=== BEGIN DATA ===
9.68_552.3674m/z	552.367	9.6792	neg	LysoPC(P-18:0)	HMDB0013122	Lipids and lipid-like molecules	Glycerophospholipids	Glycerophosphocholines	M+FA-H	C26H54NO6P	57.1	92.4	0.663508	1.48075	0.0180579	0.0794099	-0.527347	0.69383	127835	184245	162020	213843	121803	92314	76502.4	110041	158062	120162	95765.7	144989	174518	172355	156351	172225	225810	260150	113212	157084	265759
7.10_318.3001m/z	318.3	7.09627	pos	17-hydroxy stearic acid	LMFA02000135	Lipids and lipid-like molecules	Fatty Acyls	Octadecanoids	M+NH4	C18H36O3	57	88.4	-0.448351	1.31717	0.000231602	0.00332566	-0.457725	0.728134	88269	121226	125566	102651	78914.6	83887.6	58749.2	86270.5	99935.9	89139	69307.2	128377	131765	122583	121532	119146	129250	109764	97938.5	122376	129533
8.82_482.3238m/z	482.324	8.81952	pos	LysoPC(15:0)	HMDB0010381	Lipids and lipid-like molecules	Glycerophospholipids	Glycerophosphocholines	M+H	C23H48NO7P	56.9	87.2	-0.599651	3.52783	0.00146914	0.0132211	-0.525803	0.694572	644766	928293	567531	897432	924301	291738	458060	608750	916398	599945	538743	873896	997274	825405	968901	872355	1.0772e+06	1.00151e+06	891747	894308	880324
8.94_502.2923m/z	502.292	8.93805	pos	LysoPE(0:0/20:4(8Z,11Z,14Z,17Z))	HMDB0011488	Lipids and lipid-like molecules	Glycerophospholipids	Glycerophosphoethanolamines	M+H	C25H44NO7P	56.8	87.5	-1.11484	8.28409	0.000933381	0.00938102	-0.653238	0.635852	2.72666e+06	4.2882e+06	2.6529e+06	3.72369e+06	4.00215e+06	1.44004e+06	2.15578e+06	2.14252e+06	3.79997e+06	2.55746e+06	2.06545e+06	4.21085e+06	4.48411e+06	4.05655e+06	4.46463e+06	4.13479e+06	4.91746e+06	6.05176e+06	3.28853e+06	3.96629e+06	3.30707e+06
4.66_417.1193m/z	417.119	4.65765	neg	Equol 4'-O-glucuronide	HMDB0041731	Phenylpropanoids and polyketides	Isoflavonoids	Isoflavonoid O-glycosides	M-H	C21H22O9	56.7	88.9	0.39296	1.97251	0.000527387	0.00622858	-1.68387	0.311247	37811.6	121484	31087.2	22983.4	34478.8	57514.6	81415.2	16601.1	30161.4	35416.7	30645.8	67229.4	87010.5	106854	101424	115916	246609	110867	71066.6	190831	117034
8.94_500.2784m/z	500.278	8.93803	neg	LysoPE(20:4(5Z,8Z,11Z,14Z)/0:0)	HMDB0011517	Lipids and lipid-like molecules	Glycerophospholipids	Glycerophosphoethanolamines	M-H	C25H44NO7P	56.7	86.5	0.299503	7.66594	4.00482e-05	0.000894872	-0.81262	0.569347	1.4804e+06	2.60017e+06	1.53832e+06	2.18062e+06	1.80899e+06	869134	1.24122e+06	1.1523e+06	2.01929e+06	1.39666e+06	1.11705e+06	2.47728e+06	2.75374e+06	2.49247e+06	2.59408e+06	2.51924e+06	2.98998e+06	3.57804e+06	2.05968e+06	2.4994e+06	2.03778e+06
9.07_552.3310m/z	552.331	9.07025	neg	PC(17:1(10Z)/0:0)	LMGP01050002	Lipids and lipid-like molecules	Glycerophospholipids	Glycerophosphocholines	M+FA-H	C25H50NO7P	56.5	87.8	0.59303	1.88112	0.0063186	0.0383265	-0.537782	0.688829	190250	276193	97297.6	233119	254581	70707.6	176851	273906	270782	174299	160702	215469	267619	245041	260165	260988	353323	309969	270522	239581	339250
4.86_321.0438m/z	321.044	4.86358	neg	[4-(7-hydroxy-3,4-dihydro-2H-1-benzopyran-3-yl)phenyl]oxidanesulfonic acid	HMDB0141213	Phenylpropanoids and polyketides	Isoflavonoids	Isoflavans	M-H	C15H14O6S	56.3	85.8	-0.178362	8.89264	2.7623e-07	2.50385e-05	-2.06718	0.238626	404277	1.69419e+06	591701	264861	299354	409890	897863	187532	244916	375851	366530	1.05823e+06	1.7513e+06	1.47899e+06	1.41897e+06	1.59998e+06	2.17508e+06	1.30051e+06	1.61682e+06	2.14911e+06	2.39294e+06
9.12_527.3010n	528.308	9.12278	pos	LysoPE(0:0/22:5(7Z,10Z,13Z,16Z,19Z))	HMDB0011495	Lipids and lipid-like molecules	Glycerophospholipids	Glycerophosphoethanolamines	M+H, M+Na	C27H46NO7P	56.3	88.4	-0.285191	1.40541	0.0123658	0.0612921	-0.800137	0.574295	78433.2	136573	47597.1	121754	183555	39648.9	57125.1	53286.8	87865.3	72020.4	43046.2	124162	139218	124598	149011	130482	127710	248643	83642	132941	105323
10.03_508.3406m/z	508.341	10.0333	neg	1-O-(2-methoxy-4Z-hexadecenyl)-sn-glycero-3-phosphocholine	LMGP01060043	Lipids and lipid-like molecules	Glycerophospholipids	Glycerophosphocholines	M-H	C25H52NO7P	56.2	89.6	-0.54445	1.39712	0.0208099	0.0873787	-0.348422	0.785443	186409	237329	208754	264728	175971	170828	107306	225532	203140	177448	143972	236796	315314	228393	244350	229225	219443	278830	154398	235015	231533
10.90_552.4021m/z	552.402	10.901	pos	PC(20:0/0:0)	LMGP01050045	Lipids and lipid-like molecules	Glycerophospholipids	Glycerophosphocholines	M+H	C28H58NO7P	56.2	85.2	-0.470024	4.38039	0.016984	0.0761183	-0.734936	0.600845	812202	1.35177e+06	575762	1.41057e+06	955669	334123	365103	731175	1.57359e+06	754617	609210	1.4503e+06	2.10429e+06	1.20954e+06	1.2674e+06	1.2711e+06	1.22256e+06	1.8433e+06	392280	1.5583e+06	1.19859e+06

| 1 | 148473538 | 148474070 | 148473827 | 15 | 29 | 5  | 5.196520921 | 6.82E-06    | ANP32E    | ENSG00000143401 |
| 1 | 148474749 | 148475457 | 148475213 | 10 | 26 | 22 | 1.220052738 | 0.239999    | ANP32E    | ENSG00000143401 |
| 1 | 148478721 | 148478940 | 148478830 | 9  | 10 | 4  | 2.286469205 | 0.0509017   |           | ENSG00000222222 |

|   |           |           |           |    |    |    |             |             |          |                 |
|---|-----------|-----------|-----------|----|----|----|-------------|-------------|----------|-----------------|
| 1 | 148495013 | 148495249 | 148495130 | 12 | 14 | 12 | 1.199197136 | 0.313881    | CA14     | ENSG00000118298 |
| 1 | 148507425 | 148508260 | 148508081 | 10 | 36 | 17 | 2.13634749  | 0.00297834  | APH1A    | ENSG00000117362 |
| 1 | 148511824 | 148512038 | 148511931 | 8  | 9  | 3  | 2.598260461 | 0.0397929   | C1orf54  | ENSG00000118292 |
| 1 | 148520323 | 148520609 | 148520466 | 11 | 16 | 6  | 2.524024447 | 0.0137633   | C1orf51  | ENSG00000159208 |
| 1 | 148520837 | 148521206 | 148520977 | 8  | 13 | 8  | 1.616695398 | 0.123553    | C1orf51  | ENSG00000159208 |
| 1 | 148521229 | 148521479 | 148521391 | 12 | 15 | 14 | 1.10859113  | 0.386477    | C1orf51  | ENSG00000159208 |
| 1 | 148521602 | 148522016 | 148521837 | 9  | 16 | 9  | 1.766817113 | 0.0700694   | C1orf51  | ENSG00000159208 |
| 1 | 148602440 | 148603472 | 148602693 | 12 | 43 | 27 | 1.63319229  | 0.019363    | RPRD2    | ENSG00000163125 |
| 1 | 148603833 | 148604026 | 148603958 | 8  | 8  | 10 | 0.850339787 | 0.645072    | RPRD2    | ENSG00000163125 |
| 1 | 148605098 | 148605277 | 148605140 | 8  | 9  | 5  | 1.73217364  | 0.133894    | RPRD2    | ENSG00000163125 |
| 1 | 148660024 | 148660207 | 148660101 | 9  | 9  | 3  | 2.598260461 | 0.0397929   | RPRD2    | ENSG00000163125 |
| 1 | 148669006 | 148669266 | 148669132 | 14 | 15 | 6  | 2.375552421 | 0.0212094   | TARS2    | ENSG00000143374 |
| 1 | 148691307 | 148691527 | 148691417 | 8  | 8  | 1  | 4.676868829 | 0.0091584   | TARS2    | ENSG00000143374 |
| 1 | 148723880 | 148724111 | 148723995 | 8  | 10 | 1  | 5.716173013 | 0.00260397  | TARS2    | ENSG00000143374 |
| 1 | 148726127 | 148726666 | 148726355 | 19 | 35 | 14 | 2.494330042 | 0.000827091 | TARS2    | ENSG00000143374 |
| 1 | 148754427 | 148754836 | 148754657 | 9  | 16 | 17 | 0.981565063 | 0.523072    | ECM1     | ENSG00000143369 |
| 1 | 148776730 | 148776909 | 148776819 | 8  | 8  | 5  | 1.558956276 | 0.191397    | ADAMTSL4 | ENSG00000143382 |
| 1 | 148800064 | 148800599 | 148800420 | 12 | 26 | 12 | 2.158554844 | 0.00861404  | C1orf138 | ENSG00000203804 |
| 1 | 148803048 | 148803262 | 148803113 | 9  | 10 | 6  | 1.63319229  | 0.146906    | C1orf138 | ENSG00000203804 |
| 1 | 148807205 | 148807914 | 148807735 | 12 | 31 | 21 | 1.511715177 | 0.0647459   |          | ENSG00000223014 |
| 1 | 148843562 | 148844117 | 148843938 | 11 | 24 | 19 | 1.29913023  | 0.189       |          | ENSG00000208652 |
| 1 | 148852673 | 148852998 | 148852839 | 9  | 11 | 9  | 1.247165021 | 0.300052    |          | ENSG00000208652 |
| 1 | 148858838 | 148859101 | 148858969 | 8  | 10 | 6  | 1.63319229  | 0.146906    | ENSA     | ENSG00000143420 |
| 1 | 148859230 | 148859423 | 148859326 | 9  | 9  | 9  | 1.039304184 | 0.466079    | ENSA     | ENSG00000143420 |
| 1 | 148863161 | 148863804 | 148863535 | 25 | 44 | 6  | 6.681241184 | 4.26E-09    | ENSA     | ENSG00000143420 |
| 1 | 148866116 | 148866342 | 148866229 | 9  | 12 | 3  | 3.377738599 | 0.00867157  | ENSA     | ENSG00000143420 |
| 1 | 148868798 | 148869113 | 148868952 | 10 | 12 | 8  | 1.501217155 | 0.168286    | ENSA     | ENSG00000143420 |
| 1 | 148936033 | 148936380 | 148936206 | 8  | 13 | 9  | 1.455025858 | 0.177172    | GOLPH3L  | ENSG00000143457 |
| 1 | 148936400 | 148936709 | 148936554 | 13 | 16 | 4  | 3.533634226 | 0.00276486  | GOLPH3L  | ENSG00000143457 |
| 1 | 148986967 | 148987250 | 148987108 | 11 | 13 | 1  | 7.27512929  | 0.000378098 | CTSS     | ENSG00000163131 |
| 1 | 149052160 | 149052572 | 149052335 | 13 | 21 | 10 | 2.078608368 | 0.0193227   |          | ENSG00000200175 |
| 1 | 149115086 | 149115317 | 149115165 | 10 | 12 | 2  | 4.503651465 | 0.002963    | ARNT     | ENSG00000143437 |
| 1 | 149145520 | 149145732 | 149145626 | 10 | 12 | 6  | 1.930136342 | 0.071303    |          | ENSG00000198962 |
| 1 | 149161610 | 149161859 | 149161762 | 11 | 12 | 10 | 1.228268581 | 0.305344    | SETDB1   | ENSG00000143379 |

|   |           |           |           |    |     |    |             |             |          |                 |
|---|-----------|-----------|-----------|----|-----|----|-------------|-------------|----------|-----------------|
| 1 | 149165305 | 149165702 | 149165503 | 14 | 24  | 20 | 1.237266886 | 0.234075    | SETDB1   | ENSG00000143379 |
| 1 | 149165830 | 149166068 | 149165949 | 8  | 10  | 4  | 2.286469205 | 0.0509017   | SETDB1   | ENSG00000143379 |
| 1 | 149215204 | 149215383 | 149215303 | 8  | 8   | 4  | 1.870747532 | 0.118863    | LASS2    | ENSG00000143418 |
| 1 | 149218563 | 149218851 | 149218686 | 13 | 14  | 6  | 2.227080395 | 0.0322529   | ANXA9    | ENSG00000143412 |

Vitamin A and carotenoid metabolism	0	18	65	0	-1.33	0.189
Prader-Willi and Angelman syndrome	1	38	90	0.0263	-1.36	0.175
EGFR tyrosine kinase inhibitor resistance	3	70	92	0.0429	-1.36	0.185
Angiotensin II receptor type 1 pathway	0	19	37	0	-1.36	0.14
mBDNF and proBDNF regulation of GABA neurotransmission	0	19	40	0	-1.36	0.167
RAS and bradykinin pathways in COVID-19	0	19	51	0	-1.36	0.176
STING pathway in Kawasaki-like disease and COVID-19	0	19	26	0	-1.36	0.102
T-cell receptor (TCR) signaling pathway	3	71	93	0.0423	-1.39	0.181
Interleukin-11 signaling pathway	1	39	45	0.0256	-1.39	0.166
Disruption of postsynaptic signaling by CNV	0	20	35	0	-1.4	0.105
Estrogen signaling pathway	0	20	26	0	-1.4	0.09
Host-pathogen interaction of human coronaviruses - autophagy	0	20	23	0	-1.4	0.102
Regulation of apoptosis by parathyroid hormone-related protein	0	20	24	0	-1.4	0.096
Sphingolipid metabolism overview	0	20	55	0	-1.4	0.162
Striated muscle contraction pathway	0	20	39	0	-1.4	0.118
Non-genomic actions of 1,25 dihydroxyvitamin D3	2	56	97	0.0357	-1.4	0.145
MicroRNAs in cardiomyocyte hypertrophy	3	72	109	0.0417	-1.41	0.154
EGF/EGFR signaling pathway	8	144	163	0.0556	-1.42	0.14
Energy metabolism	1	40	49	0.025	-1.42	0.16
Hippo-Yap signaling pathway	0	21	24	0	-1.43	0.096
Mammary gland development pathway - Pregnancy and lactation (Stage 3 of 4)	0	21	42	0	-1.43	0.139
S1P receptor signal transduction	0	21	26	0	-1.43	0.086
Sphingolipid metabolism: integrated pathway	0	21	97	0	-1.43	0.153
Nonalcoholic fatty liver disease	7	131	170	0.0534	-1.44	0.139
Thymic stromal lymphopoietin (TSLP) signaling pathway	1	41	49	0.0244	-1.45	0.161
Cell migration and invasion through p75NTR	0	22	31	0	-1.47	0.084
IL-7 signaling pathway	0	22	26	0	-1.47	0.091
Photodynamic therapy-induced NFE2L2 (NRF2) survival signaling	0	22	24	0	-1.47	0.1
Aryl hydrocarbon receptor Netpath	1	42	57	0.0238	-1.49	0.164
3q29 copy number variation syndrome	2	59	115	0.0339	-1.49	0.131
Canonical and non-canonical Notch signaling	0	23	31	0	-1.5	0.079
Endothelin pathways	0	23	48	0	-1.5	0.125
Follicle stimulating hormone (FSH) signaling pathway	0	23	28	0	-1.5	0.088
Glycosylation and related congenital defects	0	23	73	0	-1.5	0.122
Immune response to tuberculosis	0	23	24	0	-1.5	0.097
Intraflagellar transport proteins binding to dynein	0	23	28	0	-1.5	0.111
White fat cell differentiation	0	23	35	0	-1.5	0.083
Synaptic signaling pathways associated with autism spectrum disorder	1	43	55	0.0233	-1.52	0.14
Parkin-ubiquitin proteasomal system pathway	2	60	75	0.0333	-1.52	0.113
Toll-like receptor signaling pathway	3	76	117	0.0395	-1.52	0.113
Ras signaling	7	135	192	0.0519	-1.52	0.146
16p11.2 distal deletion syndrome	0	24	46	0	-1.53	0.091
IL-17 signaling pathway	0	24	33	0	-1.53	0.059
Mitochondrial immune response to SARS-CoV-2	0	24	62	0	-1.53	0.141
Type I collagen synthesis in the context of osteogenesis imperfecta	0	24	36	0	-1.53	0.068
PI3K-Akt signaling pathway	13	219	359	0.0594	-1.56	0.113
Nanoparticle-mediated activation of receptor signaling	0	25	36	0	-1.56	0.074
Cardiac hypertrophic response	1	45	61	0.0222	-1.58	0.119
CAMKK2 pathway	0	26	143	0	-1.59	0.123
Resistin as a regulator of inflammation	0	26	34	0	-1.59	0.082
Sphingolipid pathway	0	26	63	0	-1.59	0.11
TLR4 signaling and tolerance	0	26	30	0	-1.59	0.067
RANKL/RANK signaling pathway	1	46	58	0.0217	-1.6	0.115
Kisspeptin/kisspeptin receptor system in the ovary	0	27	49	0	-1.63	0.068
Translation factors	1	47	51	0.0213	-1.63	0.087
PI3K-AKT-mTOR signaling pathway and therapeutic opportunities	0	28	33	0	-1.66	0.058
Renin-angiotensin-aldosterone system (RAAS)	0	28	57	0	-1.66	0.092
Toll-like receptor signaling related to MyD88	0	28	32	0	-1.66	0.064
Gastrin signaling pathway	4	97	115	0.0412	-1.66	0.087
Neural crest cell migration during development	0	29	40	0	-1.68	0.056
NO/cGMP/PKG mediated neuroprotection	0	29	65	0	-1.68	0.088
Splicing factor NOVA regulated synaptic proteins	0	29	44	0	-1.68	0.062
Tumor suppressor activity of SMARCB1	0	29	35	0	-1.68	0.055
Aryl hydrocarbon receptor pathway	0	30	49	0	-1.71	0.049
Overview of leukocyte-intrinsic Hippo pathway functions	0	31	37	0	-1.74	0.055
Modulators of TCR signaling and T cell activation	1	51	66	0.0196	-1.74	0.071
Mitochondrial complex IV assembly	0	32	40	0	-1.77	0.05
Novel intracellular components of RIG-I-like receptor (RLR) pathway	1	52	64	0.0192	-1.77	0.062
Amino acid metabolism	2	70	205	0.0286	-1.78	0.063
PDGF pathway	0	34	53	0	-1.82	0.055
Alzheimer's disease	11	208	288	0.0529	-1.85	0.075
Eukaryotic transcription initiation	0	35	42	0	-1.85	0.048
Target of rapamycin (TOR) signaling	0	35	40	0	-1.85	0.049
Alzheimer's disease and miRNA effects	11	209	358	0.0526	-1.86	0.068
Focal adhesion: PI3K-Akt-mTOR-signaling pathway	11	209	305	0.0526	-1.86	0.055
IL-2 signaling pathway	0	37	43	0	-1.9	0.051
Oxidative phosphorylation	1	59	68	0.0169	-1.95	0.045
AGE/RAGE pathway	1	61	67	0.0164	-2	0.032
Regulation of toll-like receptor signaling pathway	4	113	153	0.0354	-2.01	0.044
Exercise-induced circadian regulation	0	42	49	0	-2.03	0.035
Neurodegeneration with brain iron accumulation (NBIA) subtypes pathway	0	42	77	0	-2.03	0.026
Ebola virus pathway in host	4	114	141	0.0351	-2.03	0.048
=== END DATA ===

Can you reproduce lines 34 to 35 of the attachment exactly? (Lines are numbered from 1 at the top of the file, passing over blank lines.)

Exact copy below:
| 1 | 148800064 | 148800599 | 148800420 | 12 | 26 | 12 | 2.158554844 | 0.00861404  | C1orf138 | ENSG00000203804 |
| 1 | 148803048 | 148803262 | 148803113 | 9  | 10 | 6  | 1.63319229  | 0.146906    | C1orf138 | ENSG00000203804 |